Commenting on the recent spat between Larry Summers and Ben Bernanke over secular stagnation, Greg Ip from the WSJ wrote that Bernanke has the theory while Summers has the evidence. In fact, Bernanke has neither.
According to Bernanke, secular stagnation, which occurs when the interest rate required for full employment is permanently negative, cannot exist. Since all investments generate a positive return, Bernanke argues, interest rates can never stay negative, because the private sector, lured by massive profits, will borrow ad infinitum and prevent rates from turning red. The result is that full employment is always achievable with positive rates.
Alas, this argument is wrong on so many levels.
Let’s start with the ludicrous notion that all investments are profitable. To prove his point, Bernanke uses the unfortunate example of levelling the Rocky Mountains. If we razed the Rockies to the ground, he explains, drivers would save on fuel costs. So even if an obscene amount of resources are squandered on this grandiose plan, the investment would be profitable.
Is this theoretically true? Well, if we put on our sci-fi blinders, ignore the environmental costs, and pretend that investment returns are pre-ordained, then yes, Bernanke is correct. After an enormous upfront cost, the investment would yield a positive return each year in the form of reduced fuel use. And since the Rockies won’t magically re-sprout, no further expense is required.
Bernanke’s logic crumbles — and crumbles fast — when he extrapolates from his mountain example to all investments. In other words, Bernanke stipulates that because his geo-engineering project is profitable, then all investments must be profitable.
Yes, you read the above sentence correctly. Bernanke has just claimed that all investments are profitable, a statement which is hard to reconcile with the man who lifted the world out of the economic abyss.
Anyone who has spent a mere hour in the real world can figure out why this is not the case, so I won’t waste time explaining how an investment can be unprofitable even with rock bottom rates. Here’s a hint though: not all investments last forever, and not all investments incur zero running costs. (All right, all right: for the ivory tower-bound among you, imagine a business that generates $95 in annual sales for every $100 in expenses, and then think about the conditions under which an investor might finance it.)
Okay, so leg one of Bernanke’s argument — all investments are profitable — is pure bunk. But for kicks and giggles, let’s pretend that he’s right. Let’s assume for a moment that all investments do generate a positive return. Does this mean that interest rates can never stay negative for long?
The answer, again, is no.
For some baffling reason, Bernanke ignores the possibility that there simply aren’t enough investment opportunities to absorb all savings at full employment. What if the economy wants to save $1000 at a 0% interest rate, but there are only $500 in investment opportunities? Whether these investments are profitable or unprofitable is beside the point. What’s important is that there aren’t enough of them. We need six mountains to raze, but there are only three.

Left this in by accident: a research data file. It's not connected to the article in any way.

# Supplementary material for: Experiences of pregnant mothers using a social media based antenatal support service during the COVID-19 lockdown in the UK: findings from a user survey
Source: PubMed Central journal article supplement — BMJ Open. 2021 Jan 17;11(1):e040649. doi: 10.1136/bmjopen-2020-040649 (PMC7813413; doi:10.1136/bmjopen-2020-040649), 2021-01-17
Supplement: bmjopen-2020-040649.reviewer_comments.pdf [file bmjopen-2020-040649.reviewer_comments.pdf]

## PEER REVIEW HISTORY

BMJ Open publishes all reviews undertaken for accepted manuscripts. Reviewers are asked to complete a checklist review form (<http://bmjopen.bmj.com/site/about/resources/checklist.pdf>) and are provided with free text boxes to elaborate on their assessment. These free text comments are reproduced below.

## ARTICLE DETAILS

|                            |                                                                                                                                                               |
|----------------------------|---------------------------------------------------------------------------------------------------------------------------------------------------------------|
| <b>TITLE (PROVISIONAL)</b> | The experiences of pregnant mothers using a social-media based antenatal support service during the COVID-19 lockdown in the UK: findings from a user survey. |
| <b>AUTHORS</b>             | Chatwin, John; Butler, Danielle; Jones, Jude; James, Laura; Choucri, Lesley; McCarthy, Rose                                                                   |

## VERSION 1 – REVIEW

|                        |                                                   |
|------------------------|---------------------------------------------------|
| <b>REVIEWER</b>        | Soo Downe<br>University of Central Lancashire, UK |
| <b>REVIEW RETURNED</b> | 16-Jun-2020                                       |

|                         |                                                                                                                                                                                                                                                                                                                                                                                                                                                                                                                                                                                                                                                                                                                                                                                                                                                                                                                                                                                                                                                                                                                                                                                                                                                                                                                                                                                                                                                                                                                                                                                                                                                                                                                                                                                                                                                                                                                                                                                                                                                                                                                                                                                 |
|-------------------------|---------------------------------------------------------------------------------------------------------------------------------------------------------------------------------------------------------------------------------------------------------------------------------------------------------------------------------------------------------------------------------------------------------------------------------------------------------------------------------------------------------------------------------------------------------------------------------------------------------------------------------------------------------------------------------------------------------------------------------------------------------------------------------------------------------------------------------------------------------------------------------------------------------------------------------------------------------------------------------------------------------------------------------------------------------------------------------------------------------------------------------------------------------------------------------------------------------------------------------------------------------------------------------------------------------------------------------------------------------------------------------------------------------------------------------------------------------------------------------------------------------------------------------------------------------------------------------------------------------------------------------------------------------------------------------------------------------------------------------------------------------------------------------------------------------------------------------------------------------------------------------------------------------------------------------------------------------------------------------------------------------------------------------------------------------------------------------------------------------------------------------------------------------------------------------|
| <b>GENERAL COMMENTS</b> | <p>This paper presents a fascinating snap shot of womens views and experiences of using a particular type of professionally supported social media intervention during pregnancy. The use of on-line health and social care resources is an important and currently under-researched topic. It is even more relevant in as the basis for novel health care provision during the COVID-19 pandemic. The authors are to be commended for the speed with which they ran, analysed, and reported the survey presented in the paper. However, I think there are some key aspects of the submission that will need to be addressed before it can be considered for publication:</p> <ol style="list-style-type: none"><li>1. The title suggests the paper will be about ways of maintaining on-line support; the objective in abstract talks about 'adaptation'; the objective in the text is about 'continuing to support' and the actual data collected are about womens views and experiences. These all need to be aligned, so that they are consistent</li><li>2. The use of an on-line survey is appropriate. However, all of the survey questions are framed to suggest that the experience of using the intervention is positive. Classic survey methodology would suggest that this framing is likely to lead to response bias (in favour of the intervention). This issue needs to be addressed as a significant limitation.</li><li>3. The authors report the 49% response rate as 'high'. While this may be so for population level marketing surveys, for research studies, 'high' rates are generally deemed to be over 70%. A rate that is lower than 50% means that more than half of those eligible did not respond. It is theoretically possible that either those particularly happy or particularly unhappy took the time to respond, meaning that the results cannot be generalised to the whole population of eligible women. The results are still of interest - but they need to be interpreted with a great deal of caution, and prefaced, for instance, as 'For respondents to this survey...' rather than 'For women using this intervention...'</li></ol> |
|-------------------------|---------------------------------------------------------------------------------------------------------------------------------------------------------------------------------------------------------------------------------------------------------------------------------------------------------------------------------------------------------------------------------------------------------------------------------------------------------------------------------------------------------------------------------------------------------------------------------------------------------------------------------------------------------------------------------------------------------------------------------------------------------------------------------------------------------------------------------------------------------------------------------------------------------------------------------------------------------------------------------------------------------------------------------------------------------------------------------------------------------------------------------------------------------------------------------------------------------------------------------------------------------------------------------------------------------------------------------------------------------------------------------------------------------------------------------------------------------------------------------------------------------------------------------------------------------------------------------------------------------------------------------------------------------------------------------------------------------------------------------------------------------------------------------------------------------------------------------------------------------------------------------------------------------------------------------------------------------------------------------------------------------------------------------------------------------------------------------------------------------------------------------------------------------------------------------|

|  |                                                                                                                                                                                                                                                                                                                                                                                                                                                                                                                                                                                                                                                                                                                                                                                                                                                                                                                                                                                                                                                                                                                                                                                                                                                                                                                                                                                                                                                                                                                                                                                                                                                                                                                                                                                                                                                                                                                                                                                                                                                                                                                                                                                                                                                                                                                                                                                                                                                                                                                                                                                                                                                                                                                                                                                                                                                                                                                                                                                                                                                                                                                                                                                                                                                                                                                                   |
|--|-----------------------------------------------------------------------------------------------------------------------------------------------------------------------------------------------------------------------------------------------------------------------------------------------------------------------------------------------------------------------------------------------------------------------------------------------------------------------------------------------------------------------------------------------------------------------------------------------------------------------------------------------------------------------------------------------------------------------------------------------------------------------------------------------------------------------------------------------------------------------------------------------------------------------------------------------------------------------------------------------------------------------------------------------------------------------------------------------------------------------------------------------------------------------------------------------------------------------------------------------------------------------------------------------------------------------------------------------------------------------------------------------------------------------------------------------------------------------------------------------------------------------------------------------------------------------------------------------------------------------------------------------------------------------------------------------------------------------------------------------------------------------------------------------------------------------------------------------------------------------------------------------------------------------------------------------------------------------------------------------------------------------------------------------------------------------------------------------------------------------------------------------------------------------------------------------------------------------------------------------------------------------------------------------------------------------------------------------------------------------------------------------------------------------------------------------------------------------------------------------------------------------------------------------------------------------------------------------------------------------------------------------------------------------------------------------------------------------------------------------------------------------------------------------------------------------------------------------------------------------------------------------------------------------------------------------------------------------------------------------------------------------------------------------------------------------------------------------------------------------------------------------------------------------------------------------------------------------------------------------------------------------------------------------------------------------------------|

Without sufficient investment opportunities, the only way to avoid a pernicious and prolonged depression is for desired savings to fall from $1000 to $500. And the only way this can happen is if interest rates fall permanently into negative territory.
There is another common argument that Bernanke — thankfully — does not make to support his no-negative-rate theory. This is the idea, often heard in Austrian circles, that no sane person values a dollar tomorrow over a dollar today. The epic morons at the Mises Institute recently posted on Zero Hedge arguing this very point. If interest rates turn negative, the reasoning goes, then the savings rate will plummet to zero, since everyone would rather spend their hard-earned money today than watch it slowly bleed value over time.
My advice to them is the same I would give to Bernanke in regards to his Rocky Mountain analogy: you need to get out more. In the real world, people might stomach negative rates for all sorts of reasons, and in Germany and Switzerland, they already are. The obvious example is a future pensioner who wants to save money for his retirement. Another is a corporation whose shareholders might value the safety of a large cash hoard and are willing to pay to maintain it. In both cases, negative rates are possible.
Not kowtowing to the Austrians can be viewed as Bernanke’s fig leaf. But the reputational damage has already been done. Here is a man who is justly credited with saving the US from a second Great Depression, a man whose words are pored over and accepted as true, announcing to the world that secular stagnation cannot exist. Even if he ends up being right, he should be more cautious. Such unequivocal pronouncements can stifle policy debate before it has even begun.
Secular stagnation may or may not afflict the US, but it is possible. A student of Japan like Helicopter Ben should know better.